A lymphangion is the functional unit of a lymph vessel that lies between two semilunar (half moon-shaped) valves.[1][2]

Propulsion of lymph from one lymphangion to next

Lymph vessels are channels larger than the lymph capillaries that have thicker walls, valves in their lumen and smooth muscles in their walls, thus lymph vessel lymphangion is muscular and capable of contracting on its own. Additionally the lymph in it is propelled forward only because of force exerted on its walls from the exterior. Such forces include skeletal muscle contractions and arterial pulsations. Also, the inspiration during respiration provides a suction pressure within the lumen.

The semilunar valves are directed towards the flow of the lymph and open when the pressure in the first lymphangion is greater than the pressure in the next lymphangion. Pressure in the first lymphangion may increase because of smooth muscle contraction (in lymph vessel) or because of pressure on the walls from outside (in a capillary) result because of. Alternatively, pressure within the next lymphangion may decrease because of negative pressure as a result of inspiration. Once the lymph flows into the next lymphangion, it cannot return to the previous lymphangion, as the semilunar valves close tightly.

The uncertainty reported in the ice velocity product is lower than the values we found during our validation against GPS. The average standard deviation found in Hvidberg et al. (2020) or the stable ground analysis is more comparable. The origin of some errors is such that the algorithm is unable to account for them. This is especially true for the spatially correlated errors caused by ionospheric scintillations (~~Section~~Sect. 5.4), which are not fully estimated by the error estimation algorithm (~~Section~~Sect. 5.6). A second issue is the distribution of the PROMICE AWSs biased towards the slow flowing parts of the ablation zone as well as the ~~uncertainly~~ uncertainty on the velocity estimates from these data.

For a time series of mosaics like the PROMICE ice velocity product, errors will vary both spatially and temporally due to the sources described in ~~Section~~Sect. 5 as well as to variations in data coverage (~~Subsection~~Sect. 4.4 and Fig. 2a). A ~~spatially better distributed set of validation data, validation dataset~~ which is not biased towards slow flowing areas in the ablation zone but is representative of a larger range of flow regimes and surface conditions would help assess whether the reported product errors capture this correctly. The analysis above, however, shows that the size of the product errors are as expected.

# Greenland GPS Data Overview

In conditions when the pressure in a lymphatic is sufficiently great, the valves may fail, and there can indeed be backward flow of lymph resulting in edema of the drained region. This may happen with blockage of lymph flow because of pathology in the draining lymph node or at some point in the vessel.


  1. ^ Mislin, H (1961). "Experimental detection of autochthonous automatism of lymph vessels. [German]". Experientia. 17: 29–30. doi:10.1007/bf02157935. PMID 13771288. S2CID 44571207.
  2. ^ Venugopal, AM; Stewart, RH; Laine, GA; Dongaonkar, RM; Quick, CM (Aug 2007). "Lymphangion coordination minimally affects mean flow in lymphatic vessels". Am J Physiol Heart Circ Physiol. 293 (2): H1183–9. doi:10.1152/ajpheart.01340.2006. PMID 17468331.